Our story - 64-gun

Our story

Welcome on board

Our story

How it started

The Order of St. John, established in circa 1099, developed its navy and started to own its ships around the mid-12th century. These galleys were used as warships, but in 1700, the Knights suffered two disasters. The galleys San Paolo and Capitana were both wrecked and as a result, the Order suffered considerable losses.
Since at any given time, the full squadron was of around 6 galleys, this heavy lossmotivated the Knights, then led by Grand Master Ramon Perellos, to start building square-rigged warships.

Unlike the galleys, these warships depended solely on sail propulsion rather than people using oars. They were equipped with three masts and a bowsprit, which is a pole extending forward from the vessel’s prow (front). Between 1700 and 1798, 25 of these ships were commissioned by the Knights, and 13 of them were third rates.

A third rate ship was around 45 metres long and carried between 50 and 64 guns on board. It was considered to be a very versatile ship since it had good firepower, and was relatively fast. In fact, it was also considered to be the eyes of the fleet, since it had the ability to monitor the surroundings, and then communicate the information to the rest of the ships.
The largest of the third rate ships had 64 guns and between 350 and 450 crew members on board. These members formed part of more than 50 roles on the ship. The Knights ensured that depending on one’s rank, a different menu was served, with the menu varying on each day of the week. Portions of food and wine were also based on the rank. There were 8 food portion classifications and 6 wine portion classifications.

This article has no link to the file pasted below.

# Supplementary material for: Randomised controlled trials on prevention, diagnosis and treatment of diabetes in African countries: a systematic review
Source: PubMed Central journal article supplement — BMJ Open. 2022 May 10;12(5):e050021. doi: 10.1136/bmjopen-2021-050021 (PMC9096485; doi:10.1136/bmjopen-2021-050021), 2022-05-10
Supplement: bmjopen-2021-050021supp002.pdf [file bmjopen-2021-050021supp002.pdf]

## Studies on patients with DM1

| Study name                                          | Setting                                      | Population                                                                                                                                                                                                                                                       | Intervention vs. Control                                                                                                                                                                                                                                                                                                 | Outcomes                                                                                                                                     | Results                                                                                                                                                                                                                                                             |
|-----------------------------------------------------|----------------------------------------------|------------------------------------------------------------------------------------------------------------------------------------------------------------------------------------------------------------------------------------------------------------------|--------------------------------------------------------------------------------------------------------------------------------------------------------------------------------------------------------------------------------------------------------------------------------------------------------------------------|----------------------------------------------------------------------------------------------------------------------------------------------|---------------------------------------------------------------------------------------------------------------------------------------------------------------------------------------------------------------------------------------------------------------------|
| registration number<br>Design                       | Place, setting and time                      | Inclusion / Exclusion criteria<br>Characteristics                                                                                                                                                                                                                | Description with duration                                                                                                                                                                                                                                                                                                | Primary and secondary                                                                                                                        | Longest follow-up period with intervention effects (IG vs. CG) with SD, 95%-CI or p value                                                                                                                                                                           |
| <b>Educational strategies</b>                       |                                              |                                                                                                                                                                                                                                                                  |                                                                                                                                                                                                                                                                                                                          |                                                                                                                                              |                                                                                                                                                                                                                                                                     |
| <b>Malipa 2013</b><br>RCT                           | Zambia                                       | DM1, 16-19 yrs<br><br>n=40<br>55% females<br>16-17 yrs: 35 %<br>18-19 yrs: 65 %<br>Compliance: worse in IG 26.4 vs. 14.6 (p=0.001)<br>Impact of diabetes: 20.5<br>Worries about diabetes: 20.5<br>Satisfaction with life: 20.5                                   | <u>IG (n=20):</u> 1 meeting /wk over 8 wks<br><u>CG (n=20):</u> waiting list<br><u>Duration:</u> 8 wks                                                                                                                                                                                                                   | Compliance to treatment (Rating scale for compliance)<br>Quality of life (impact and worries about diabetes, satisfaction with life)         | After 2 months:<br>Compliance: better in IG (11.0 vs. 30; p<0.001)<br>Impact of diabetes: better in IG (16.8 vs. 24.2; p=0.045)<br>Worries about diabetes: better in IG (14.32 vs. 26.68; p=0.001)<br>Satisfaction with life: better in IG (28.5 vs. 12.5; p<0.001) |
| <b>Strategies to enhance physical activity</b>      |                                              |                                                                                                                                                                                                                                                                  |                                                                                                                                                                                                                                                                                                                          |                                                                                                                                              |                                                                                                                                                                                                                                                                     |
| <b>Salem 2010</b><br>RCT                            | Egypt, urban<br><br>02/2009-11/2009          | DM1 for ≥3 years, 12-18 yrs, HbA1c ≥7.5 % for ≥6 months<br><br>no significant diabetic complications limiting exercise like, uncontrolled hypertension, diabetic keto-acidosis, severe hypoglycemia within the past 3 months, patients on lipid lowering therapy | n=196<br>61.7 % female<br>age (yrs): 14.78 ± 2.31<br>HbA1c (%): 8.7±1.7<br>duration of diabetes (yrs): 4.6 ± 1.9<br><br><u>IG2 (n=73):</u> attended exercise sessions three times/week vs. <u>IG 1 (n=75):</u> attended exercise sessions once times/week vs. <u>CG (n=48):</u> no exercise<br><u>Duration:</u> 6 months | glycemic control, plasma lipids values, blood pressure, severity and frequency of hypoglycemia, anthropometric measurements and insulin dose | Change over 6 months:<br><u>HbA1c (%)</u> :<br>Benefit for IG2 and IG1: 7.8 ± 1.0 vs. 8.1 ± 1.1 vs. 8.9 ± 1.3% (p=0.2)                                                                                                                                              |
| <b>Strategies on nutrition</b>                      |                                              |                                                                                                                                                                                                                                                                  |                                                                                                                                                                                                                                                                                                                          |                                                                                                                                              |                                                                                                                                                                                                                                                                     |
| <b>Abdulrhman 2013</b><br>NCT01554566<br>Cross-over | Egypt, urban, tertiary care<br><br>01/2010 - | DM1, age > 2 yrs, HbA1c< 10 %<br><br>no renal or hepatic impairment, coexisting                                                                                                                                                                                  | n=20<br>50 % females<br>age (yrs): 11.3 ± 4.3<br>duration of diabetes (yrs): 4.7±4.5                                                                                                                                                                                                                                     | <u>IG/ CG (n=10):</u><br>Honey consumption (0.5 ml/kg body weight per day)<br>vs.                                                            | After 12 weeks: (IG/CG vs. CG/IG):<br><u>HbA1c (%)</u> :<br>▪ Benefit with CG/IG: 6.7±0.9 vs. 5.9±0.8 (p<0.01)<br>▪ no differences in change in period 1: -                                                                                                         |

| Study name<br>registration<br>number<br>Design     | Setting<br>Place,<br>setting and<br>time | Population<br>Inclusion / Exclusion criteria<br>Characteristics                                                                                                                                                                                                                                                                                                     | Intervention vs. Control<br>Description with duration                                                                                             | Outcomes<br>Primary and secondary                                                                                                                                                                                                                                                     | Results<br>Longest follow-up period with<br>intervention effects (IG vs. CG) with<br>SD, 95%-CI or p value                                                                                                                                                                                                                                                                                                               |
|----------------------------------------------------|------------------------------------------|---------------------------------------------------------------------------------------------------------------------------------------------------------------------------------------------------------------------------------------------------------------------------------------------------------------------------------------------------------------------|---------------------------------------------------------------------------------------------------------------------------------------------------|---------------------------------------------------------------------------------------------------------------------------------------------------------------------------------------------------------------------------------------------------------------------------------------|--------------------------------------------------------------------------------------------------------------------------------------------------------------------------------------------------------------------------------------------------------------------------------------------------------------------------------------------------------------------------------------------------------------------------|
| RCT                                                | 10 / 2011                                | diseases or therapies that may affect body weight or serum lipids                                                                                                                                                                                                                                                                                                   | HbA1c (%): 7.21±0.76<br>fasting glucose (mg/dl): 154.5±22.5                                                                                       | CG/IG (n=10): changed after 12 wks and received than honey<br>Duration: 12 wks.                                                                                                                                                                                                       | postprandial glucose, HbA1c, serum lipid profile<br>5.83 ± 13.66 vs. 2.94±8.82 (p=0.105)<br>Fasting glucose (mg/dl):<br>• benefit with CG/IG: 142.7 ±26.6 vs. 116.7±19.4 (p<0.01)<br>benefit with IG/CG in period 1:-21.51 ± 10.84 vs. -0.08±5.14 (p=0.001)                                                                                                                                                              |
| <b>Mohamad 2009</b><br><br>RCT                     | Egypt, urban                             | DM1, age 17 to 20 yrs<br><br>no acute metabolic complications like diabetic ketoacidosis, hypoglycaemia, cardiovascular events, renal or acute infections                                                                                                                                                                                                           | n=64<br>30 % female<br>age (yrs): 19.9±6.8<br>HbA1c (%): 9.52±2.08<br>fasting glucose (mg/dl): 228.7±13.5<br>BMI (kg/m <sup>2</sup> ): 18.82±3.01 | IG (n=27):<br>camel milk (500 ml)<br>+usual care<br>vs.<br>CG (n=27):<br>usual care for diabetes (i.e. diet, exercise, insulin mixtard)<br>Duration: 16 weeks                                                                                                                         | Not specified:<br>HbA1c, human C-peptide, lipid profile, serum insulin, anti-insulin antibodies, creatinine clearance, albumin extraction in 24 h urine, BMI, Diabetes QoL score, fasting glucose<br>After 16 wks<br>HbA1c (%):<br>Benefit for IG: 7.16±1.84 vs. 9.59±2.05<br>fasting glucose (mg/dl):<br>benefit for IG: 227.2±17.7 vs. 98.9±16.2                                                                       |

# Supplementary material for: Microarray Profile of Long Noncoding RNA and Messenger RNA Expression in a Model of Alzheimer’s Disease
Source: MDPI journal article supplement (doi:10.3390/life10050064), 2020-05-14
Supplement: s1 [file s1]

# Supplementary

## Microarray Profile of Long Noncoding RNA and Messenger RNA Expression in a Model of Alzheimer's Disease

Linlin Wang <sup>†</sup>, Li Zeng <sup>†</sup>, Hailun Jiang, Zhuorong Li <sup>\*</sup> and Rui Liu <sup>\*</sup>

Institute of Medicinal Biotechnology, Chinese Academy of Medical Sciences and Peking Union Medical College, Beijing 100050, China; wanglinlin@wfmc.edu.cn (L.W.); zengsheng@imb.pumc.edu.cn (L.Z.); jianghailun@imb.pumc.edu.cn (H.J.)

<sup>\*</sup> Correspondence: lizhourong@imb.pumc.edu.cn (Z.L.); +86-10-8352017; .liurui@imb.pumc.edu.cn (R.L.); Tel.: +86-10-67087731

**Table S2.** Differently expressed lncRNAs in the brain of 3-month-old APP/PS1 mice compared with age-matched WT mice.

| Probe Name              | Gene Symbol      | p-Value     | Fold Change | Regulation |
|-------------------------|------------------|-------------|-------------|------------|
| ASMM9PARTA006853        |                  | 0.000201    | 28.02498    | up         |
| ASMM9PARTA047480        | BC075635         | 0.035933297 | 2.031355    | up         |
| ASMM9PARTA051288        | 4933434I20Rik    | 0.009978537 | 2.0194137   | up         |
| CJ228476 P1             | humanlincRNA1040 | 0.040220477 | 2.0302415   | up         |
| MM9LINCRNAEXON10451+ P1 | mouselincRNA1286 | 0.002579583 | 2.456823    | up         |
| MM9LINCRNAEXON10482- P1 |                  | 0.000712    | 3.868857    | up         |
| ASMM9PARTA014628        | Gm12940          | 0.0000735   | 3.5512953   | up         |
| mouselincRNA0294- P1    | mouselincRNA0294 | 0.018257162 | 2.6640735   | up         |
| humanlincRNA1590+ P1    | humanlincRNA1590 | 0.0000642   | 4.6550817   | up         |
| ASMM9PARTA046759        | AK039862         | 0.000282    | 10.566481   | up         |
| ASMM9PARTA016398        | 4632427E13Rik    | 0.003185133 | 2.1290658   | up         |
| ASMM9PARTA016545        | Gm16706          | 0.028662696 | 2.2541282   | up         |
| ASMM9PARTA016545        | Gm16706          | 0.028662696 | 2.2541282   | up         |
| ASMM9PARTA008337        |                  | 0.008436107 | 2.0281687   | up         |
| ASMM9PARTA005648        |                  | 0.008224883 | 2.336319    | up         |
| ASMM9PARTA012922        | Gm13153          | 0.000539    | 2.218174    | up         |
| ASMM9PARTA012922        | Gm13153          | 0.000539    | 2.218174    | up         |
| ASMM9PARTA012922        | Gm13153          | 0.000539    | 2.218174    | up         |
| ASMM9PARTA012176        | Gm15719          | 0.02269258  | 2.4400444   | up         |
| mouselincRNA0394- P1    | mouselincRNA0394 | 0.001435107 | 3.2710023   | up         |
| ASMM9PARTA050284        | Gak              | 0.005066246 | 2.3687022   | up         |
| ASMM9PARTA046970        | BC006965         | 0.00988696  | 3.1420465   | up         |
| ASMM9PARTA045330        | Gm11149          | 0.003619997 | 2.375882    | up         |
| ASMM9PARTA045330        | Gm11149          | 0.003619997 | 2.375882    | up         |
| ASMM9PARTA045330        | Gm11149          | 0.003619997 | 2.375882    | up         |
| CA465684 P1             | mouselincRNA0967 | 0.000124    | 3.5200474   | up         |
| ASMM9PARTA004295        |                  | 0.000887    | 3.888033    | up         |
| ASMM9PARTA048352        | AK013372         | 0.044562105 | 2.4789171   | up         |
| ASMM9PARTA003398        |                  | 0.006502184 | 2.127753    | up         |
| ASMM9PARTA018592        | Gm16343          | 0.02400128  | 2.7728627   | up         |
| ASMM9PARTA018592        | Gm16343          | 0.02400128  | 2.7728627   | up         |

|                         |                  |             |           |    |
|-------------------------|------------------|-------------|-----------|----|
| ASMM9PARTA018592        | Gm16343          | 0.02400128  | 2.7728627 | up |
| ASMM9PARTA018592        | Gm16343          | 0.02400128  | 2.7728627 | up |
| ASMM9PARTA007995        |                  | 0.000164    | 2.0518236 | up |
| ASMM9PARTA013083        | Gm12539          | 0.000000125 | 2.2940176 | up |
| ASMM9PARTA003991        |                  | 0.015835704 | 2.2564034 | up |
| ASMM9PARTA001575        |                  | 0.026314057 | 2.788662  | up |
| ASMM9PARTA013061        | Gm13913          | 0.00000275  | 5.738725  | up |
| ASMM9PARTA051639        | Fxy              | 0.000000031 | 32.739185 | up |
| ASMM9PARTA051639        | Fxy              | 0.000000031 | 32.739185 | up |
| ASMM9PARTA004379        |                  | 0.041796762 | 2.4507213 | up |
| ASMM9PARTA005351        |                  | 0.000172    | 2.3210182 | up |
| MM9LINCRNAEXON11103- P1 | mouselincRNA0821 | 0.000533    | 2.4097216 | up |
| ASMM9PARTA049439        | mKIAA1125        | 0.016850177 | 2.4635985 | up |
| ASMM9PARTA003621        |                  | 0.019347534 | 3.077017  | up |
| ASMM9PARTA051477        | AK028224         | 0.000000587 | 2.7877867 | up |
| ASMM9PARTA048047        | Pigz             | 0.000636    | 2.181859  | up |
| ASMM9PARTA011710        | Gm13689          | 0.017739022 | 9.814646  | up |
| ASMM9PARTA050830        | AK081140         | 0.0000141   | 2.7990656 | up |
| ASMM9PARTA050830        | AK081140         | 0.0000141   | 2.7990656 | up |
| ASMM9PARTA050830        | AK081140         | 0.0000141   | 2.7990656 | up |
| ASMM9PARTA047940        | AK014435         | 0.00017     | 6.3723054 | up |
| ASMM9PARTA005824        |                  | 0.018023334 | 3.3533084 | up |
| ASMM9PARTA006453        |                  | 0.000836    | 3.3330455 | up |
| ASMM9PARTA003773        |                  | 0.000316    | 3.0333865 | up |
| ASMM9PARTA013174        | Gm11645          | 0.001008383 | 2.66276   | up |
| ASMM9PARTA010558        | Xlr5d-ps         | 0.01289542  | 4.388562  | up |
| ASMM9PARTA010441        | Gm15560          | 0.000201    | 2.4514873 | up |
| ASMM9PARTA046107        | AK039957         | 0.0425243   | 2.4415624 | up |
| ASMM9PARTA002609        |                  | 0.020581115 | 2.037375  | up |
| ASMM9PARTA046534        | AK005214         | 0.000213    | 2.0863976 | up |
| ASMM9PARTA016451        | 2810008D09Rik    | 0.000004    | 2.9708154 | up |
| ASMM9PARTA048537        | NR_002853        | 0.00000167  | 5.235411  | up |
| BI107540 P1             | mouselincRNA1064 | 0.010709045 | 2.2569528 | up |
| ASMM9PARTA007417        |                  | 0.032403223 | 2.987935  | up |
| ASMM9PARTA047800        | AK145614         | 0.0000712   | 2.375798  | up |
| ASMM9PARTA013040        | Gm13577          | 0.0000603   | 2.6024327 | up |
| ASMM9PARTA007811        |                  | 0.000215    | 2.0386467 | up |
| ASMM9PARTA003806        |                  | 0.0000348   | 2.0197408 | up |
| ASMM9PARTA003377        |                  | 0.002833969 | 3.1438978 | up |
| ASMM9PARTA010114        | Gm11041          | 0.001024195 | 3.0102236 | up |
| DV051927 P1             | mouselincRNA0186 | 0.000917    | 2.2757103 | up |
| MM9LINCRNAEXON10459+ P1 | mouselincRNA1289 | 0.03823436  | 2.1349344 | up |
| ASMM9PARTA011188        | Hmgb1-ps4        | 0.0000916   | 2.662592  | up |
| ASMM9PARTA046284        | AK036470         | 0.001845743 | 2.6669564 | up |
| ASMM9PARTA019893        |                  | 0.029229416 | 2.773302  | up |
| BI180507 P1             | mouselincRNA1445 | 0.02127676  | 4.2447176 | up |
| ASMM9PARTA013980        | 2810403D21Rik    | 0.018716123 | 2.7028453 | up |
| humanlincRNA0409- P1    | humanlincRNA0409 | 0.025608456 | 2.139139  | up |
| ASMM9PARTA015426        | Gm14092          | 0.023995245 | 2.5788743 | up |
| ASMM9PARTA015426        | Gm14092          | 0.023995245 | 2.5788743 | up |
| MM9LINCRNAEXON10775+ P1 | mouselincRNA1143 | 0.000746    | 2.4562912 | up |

One of these third rate ships had something special. Firstly, it was built by one of the greatest master shipwrights of the time, Giuseppe Maurin. More particularly though, this ship that served from 1796 to 1806, was the only third rate ship that formed part of the navy of the Order of St. John (1530-1798), the French fleet (1798-1800) and the British Navy (1800-1967). This 64-Gun was called San Giovanni (V).
Its name was changed to Athénien by the French and then HMS Athenienne by the British.

Our restaurant is named to honour the 64-Gun ship, particularly the San Giovanni (V), that was commissioned by the Knights and proudly built in Malta more than 200 years ago. In many ways, we find that our restaurant has a series of analogies with the 64-Gun ship. On board, our talented international crew is versatile and able to welcome the discerning guest. Just like the Knights we have a joy for food. We have the drive to explore ingredients that will be used to create dishes that deserve to be in this historical building.

We are located in St. John’s Street (San Giovanni) in Valletta, which is another analogy, considering this was the first name that was given to this third rate ship.

Welcome on board our story. We look forward to seeing you enjoy your experience at 64-Gun.


Our wine list has been carefully compiled to give our guests their deserved choice when visiting 64-Gun. Our team will be glad to assist you to pair a wine to your chosen food or vice-versa.


Scottona fillet of beef with a dark chocolate and a Marsala wine reduction sauce


Chocolate sphere with a strawberry heart.


Our online reservation gives you the opportunity to book a table online without having to wait for a confirmation.
We look forward to seeing you at 64-Gun.